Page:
Will Barack Obama Change Hip Hop?

Barack Obama and Ludacris

The Chicago Tribune calls Barack Obama “The first hip-hop president” in an article that examines the President-Elect’s sometimes reluctant love of the genre. We’ve heard plenty about the forthcoming changes in economic policy and foreign relations, but we haven’t heard much about how the presidency of Barack Obama will affect music.

Rev. Al Sharpton told the Tribune that Obama’s victory will force hip-hop to change its tune. “You can’t be using the ‘b’ word, the ‘n’ word, the ‘h’ word when you have Barack Obama redefining overnight the image that black people want to have. Here’s the greatest political victory in the history of black America, and the thug rappers can’t come near it. They will have to change, or become irrelevant.”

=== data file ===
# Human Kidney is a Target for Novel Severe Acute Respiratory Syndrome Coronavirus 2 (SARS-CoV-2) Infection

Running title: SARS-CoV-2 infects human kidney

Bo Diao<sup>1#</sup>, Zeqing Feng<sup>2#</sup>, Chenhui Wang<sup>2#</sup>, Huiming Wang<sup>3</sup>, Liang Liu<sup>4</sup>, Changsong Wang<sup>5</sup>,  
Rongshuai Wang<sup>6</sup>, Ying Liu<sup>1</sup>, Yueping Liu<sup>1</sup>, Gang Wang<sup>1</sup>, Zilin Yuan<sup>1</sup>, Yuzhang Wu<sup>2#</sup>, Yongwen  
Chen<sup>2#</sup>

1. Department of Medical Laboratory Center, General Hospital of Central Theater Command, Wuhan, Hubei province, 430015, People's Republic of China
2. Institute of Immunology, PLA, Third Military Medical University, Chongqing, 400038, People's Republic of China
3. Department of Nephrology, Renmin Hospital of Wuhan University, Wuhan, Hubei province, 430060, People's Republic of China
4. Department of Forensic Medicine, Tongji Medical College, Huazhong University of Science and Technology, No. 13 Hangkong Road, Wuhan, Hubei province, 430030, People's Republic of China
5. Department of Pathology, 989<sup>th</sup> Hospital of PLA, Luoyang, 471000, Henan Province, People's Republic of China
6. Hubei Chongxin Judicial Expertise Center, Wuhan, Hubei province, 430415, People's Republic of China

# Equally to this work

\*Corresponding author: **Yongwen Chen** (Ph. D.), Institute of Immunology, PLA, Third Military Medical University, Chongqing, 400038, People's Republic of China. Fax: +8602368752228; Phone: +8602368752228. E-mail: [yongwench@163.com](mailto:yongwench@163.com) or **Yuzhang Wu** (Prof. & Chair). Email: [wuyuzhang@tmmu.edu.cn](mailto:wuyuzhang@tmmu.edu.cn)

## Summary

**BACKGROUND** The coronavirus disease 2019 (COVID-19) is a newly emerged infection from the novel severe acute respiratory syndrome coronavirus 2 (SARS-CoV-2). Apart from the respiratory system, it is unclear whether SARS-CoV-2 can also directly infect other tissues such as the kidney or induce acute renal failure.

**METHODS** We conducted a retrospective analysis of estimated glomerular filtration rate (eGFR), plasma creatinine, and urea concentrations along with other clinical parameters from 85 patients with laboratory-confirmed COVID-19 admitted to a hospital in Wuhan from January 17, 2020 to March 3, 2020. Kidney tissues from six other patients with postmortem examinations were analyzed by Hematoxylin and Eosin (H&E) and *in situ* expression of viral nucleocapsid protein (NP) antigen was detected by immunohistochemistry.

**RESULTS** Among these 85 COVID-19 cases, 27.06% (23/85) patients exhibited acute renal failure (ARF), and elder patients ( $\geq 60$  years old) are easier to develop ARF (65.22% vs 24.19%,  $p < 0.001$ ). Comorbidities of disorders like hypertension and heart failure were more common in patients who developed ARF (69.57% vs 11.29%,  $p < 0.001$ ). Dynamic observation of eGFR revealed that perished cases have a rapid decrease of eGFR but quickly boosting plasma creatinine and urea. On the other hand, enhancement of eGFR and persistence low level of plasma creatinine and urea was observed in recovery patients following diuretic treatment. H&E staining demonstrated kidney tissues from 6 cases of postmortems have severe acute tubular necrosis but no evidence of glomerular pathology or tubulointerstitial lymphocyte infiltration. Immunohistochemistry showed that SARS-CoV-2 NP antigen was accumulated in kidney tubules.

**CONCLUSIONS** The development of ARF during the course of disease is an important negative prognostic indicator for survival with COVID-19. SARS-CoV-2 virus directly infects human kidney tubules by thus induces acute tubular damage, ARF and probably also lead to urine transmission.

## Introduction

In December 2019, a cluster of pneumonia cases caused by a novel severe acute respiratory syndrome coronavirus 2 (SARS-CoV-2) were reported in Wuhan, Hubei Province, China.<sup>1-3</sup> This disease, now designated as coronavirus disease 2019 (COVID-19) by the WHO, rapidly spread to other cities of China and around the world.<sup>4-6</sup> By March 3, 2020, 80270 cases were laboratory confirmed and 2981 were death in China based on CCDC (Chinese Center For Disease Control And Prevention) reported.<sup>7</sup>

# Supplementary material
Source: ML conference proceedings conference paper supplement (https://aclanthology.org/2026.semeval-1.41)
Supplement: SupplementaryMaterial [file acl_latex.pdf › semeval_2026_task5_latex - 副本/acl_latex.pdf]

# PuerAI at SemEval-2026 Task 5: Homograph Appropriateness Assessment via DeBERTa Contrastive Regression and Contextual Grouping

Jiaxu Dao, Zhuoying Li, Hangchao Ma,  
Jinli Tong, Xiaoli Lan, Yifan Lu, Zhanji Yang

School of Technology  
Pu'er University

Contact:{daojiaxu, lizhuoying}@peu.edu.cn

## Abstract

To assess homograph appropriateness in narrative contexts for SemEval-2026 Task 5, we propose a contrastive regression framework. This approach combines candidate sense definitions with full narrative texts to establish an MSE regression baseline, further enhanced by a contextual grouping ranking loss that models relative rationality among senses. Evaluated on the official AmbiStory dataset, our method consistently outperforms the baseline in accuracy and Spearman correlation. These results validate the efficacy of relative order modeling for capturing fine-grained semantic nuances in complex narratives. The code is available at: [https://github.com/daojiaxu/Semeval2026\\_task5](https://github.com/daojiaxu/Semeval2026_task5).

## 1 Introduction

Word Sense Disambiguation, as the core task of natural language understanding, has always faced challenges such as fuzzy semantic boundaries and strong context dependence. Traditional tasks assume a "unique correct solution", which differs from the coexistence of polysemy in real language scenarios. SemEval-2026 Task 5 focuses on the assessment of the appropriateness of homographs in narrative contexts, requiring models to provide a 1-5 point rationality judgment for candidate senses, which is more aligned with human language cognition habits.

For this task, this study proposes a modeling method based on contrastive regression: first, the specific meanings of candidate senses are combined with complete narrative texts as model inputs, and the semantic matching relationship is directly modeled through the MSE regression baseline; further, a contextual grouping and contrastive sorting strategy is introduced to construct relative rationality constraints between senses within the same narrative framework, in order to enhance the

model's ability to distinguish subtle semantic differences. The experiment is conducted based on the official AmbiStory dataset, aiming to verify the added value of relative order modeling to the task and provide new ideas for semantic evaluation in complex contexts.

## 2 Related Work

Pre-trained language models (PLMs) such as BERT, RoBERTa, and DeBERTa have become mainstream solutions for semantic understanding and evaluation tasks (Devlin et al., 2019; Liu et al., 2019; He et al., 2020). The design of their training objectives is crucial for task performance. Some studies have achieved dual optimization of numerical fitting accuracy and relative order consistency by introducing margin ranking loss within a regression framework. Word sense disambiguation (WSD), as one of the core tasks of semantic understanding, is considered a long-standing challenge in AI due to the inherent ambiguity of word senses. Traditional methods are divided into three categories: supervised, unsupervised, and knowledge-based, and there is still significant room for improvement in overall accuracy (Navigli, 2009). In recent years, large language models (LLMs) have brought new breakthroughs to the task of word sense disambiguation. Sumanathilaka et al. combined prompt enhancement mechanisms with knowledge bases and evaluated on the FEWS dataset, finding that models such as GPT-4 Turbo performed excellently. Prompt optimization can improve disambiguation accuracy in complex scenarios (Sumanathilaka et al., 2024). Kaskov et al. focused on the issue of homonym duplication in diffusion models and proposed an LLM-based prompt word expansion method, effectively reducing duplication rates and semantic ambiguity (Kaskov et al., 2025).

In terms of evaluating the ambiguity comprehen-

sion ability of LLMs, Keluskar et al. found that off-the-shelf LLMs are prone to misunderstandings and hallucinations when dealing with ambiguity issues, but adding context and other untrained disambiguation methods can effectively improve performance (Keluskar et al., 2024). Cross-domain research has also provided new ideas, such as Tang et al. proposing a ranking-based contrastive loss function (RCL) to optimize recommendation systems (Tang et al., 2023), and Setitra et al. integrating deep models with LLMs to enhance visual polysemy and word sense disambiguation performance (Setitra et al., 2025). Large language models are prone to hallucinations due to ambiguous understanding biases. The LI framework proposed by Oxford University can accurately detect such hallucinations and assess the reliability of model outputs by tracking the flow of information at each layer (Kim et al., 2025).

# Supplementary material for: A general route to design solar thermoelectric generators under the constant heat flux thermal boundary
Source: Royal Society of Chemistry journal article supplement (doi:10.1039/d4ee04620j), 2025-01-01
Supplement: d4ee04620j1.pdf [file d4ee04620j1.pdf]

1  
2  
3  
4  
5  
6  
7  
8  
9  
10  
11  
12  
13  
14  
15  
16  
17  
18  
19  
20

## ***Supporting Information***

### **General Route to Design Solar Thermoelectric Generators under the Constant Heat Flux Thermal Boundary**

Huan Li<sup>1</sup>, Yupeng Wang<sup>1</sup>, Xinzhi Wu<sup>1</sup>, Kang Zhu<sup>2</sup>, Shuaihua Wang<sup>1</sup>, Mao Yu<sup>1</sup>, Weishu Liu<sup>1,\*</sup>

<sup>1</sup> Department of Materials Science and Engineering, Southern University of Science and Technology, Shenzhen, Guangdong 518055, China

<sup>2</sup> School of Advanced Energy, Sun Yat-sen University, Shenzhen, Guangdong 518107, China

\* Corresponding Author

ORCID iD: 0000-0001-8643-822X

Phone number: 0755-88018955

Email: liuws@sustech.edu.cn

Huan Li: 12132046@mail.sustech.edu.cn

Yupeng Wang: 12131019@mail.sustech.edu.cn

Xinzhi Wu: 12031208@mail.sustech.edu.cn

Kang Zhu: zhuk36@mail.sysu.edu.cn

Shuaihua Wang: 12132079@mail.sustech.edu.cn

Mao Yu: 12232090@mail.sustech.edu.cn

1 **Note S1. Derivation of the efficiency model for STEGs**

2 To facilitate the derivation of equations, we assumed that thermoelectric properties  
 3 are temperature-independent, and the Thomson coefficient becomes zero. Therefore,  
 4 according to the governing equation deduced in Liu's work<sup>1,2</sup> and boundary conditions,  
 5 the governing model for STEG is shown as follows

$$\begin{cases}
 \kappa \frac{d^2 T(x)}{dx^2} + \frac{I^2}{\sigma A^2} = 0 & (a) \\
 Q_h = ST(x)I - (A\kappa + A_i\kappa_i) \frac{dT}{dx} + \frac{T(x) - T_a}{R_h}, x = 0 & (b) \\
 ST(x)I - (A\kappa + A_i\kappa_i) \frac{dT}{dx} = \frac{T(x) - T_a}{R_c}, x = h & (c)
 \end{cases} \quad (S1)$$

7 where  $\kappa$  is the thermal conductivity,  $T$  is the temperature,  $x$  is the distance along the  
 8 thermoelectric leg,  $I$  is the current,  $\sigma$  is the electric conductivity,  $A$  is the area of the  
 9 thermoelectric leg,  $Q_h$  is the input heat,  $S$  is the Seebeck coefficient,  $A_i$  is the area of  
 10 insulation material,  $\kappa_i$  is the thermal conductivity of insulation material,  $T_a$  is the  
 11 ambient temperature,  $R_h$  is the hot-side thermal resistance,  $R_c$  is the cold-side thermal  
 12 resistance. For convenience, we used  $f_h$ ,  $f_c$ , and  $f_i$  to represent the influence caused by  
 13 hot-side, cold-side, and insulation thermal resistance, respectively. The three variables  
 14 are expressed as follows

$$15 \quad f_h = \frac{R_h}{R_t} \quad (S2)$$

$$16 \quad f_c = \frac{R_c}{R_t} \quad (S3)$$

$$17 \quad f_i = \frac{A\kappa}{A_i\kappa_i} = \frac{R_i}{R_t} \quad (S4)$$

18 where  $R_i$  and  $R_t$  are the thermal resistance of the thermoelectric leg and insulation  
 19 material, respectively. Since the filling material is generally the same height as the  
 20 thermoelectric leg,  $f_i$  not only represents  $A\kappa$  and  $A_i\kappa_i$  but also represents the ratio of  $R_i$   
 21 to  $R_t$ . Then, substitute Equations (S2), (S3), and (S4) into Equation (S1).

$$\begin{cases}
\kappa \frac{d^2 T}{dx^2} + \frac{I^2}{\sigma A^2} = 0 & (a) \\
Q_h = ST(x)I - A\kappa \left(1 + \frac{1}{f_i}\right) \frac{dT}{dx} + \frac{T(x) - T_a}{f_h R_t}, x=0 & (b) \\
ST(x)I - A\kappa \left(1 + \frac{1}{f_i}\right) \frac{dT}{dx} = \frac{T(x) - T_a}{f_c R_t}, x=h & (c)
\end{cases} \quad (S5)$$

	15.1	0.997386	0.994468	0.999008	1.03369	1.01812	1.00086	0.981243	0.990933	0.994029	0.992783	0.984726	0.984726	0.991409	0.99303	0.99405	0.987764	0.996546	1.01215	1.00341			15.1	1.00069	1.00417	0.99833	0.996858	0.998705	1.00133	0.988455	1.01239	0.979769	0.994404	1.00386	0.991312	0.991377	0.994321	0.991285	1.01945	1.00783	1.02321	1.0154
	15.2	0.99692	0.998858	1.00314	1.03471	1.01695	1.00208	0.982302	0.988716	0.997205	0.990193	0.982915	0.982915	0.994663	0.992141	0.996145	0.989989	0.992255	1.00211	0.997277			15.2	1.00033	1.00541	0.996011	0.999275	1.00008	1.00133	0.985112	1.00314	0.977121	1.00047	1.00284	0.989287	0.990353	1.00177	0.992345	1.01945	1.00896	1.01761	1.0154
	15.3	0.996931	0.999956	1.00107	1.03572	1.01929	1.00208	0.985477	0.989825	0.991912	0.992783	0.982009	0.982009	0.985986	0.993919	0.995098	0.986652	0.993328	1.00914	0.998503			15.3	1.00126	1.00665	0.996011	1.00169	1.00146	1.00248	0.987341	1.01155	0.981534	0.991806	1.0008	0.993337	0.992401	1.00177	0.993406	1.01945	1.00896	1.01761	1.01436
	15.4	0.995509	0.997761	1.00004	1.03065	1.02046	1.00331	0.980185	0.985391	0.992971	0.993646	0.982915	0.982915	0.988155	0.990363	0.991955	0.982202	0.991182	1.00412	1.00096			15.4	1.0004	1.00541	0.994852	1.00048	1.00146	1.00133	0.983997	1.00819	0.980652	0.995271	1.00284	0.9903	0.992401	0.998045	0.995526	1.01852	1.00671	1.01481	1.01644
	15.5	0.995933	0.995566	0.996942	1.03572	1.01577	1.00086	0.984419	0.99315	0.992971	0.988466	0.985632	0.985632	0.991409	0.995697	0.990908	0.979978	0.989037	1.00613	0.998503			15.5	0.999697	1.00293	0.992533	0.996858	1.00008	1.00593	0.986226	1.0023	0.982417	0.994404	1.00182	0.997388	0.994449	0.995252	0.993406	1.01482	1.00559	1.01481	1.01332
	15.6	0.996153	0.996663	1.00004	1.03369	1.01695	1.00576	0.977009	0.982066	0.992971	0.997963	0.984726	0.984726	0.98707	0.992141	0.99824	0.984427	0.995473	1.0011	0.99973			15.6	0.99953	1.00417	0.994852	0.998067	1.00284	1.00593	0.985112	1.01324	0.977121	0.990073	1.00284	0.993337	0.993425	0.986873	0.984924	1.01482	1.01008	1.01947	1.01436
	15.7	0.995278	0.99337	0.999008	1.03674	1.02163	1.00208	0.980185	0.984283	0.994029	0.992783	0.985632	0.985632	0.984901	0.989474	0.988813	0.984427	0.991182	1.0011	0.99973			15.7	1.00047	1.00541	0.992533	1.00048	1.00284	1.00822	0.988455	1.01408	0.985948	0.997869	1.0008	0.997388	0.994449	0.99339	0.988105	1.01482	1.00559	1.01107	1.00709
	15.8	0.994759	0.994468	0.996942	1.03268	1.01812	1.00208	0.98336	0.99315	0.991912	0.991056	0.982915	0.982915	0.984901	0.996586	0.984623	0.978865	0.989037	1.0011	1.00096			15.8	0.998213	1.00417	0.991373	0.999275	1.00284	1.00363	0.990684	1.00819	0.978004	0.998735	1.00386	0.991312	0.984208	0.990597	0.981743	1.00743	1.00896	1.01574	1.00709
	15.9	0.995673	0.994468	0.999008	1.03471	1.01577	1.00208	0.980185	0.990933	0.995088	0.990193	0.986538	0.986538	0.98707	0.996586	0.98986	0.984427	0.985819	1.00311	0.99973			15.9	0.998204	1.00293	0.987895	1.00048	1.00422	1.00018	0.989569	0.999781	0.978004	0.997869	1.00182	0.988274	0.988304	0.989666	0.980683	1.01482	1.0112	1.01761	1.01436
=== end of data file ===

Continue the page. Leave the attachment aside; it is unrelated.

[Russell] Simmons says that’s hogwash. “Young people will use their language the way they want,” he said. “If it’s in their heart, they will express it.”

Any predictions on what the next four to eight years of music are going to sound like?

Prefix Mag is offering up an Obama mixtape featuring Ludacris, Young Jeezy, Nas, Nig Boi, Common, and others.


3 thoughts on “Will Barack Obama Change Hip Hop?”

  1. It’s an interesting concept. I think in general it gives black youth a new outlook, but whether we’ll see this infiltrate lyrics and the current status of the genre is to be seen. I can imagine lyricists making references – “transcend above the drama, grace lined with power like Obama.” you get the idea.

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